Alcoa’s Second Acquisition: Tital GmbH

Alcoa’s second major acquisition in the aerospace industry came a few months later in December of 2014, when it announced it would purchase Germany-based Tital GmbH, “a leader in titanium and aluminum structural castings for aircraft engines and airframes,” the company’s press release introduced.

Alcoa reported that revenues from titanium-made aerospace components are expected to increase 70% over the next five years as titanium rapidly becomes the metal of choice in next-generation jet engine structural components, given how the metal can withstand extreme heat and pressure, and is lighter than steel.

“This acquisition is the next step in building a powerful aerospace growth engine,” Kleinfeld noted in the company’s press release. “As a fast-growing innovator, TITAL will increase our share of highly differentiated content on the world’s best-selling jet engines. The company’s talent and customer relationships will boost Alcoa’s expanding global aerospace leadership as we meet the future needs of our customers.”

Alcoa’s Third Acquisition: RTI International Metals

In its most recent extension into the aerospace industry, Alcoa today announced its purchase of RTI International Metals, Inc. (NYSE: RTI), a Pittsburgh, Pennsylvania-based manufacturer of titanium mill products that melts, forges, processes, produces, stocks, distributes, finishes, cuts, and delivers such titanium products as blooms, billets, sheets, plates, and titanium alloys which are further processed for aerospace, defense, industrial and consumer uses.

“Terms of the deal call for New York-based Alcoa to pay 2.8315 of its shares for each RTI International Metals share for total consideration of $41 a share, a premium of 50% over RTI’s close on Friday,” The Street reported. “The deal values RTI’s equity at about $1.26 billion, with Alcoa also assuming $330 million of RTI cash on hand and up to $517 million in convertible notes.”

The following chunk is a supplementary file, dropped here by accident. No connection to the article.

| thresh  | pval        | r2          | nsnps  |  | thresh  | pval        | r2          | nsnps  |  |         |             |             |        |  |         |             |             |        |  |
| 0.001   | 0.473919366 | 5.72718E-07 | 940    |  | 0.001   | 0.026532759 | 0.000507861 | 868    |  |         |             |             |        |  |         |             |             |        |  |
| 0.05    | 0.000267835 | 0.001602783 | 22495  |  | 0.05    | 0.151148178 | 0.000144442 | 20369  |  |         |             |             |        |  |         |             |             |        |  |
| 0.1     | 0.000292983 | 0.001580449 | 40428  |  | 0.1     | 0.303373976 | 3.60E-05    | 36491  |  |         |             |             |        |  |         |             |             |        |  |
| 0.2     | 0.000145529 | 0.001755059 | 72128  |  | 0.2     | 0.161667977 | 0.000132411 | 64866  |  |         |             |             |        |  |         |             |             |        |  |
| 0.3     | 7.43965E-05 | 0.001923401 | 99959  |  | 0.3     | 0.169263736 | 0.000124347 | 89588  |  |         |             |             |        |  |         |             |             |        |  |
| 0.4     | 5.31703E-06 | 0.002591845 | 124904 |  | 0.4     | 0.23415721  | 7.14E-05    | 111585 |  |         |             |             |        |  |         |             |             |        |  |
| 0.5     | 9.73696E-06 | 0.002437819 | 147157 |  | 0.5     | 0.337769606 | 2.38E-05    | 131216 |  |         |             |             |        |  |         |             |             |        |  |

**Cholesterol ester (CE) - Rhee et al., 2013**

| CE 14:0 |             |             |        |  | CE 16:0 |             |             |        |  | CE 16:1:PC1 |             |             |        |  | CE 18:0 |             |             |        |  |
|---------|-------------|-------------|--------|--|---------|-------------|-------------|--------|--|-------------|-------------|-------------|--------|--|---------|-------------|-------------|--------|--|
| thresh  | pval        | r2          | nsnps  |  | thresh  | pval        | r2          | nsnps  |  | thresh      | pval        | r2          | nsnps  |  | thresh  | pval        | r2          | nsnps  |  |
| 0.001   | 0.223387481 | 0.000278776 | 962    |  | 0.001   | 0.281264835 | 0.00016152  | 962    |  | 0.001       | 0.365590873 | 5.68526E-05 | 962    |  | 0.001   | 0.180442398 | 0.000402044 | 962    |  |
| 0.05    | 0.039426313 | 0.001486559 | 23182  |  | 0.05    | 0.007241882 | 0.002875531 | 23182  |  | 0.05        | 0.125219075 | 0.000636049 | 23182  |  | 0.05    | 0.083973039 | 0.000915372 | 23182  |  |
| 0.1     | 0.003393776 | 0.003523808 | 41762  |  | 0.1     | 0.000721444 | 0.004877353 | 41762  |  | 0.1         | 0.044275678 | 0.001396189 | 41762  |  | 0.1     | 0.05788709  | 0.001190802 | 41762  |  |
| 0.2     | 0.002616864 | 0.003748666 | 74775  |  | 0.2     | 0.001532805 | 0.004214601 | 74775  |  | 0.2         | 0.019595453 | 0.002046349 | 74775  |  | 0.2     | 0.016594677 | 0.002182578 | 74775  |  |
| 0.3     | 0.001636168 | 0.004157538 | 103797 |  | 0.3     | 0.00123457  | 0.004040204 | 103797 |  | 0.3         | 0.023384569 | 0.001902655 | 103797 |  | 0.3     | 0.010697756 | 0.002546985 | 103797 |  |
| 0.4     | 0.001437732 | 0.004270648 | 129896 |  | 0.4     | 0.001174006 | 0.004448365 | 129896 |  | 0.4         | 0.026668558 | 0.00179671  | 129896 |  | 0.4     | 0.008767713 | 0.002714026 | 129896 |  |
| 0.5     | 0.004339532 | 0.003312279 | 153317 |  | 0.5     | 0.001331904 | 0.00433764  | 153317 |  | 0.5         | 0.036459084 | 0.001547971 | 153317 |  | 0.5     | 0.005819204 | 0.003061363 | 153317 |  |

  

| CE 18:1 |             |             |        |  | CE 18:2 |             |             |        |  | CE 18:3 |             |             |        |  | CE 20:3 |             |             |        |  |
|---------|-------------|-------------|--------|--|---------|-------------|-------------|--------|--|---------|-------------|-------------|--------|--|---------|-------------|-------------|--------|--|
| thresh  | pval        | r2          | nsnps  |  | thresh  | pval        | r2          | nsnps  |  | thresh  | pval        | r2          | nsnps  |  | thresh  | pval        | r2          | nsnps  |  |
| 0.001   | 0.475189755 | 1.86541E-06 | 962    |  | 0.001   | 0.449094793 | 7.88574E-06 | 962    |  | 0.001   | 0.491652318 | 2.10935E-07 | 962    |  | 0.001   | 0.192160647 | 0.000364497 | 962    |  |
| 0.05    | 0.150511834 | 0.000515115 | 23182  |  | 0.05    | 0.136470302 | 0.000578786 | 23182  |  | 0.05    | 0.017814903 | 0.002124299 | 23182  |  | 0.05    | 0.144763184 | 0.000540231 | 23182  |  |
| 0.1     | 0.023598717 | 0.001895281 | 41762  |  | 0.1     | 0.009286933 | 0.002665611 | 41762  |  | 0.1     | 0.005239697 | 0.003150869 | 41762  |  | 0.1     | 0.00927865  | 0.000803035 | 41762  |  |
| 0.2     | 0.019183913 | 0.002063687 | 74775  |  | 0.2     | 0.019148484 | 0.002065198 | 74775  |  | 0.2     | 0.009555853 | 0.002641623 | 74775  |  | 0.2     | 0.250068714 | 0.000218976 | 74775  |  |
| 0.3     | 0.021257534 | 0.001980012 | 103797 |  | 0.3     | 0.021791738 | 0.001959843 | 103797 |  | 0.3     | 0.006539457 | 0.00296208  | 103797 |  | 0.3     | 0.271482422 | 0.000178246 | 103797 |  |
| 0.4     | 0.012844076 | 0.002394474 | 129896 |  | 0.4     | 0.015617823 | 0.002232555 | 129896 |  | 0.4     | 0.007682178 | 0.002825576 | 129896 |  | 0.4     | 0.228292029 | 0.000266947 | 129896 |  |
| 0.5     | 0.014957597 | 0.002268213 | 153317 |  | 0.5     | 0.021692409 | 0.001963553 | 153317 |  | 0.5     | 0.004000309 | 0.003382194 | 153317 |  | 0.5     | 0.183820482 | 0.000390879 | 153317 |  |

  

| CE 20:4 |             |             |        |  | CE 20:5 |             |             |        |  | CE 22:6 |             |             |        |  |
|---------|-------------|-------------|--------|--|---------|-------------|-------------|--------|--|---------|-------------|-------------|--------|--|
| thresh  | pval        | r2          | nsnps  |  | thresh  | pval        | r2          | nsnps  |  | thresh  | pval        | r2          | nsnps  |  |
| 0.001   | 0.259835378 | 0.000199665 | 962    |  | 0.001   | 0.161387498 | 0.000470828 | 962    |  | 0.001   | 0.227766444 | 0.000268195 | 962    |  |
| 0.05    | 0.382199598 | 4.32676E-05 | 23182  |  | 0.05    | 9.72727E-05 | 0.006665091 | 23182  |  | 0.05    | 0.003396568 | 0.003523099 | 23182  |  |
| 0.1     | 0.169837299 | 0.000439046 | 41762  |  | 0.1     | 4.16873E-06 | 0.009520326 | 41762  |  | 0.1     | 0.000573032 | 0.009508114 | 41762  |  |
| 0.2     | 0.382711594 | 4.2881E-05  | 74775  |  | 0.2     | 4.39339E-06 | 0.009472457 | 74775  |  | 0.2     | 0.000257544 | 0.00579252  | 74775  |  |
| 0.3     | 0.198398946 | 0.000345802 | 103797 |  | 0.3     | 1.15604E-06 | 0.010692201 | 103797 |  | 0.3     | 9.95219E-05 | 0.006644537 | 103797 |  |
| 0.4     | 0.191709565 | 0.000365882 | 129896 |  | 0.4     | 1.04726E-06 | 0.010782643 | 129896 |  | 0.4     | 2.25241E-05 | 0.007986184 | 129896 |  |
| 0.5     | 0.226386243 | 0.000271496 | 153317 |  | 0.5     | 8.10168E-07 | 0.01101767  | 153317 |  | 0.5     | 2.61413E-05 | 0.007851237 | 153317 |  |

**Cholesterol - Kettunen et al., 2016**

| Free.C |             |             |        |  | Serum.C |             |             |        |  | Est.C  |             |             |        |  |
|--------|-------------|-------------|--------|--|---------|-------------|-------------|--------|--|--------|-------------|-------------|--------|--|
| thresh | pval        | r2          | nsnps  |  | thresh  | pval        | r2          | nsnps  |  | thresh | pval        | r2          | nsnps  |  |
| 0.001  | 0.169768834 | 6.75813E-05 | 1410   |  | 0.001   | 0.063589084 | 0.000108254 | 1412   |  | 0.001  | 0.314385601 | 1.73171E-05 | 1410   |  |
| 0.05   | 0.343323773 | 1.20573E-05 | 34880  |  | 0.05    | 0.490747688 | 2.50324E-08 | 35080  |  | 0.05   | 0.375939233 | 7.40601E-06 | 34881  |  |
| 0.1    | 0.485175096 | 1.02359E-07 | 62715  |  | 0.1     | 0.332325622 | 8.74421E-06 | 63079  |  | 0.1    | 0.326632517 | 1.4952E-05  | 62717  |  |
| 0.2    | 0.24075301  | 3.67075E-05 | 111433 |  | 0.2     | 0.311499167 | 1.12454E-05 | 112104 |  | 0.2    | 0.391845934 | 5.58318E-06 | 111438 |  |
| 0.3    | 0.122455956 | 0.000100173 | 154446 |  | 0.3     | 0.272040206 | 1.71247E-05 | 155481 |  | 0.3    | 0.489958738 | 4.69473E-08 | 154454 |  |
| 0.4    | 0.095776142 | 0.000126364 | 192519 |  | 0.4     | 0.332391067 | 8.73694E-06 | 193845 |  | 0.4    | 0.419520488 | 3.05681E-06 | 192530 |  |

Dawne S. Hickton, chief executive of RTI, noted to The Street that the deal is “a natural strategic fit for both RTI and Alcoa,” and that “innovation and scale are critical to winning in both the titanium and aerospace industries today.”

Leaning New Tricks

Indeed, innovation and scale are vitally important to staying alive in the ever more difficult resources sector, where labor costs are continually rising, and easy ore is more difficult and more costly to find.

For its part, Alcoa’s management team and board of directors are proving themselves to be highly innovative forward thinkers in their plan to steer Alcoa in a new direction into the aerospace industry.

Yet the company isn’t simply uprooting itself and then transplanting itself in an entirely new area of business as many companies in transformation have done. Rather, Alcoa is merely extending its sphere of influence into other markets downstream from its original metals extraction business activity. It is not merely moving into new markets, but growing into them, while still holding on to its original core aluminum and other metals extraction activities.

In this way, investors have more security in knowing that Alcoa isn’t becoming an entirely new company in an area where it has not been tried and tested, but is merely expanding its activities to derive additional profit and value from its metals business by adding end users of its products to its portfolio of divisions.

This gives Alcoa longevity, not only in that it is expanding into an industry with a long-term future ahead of it, but also in that it is lengthening its production chain by attaching new stages of production downstream from its core extraction business – thereby adding assets to its company, margin to its prices, and value to its stock.

Joseph Cafariello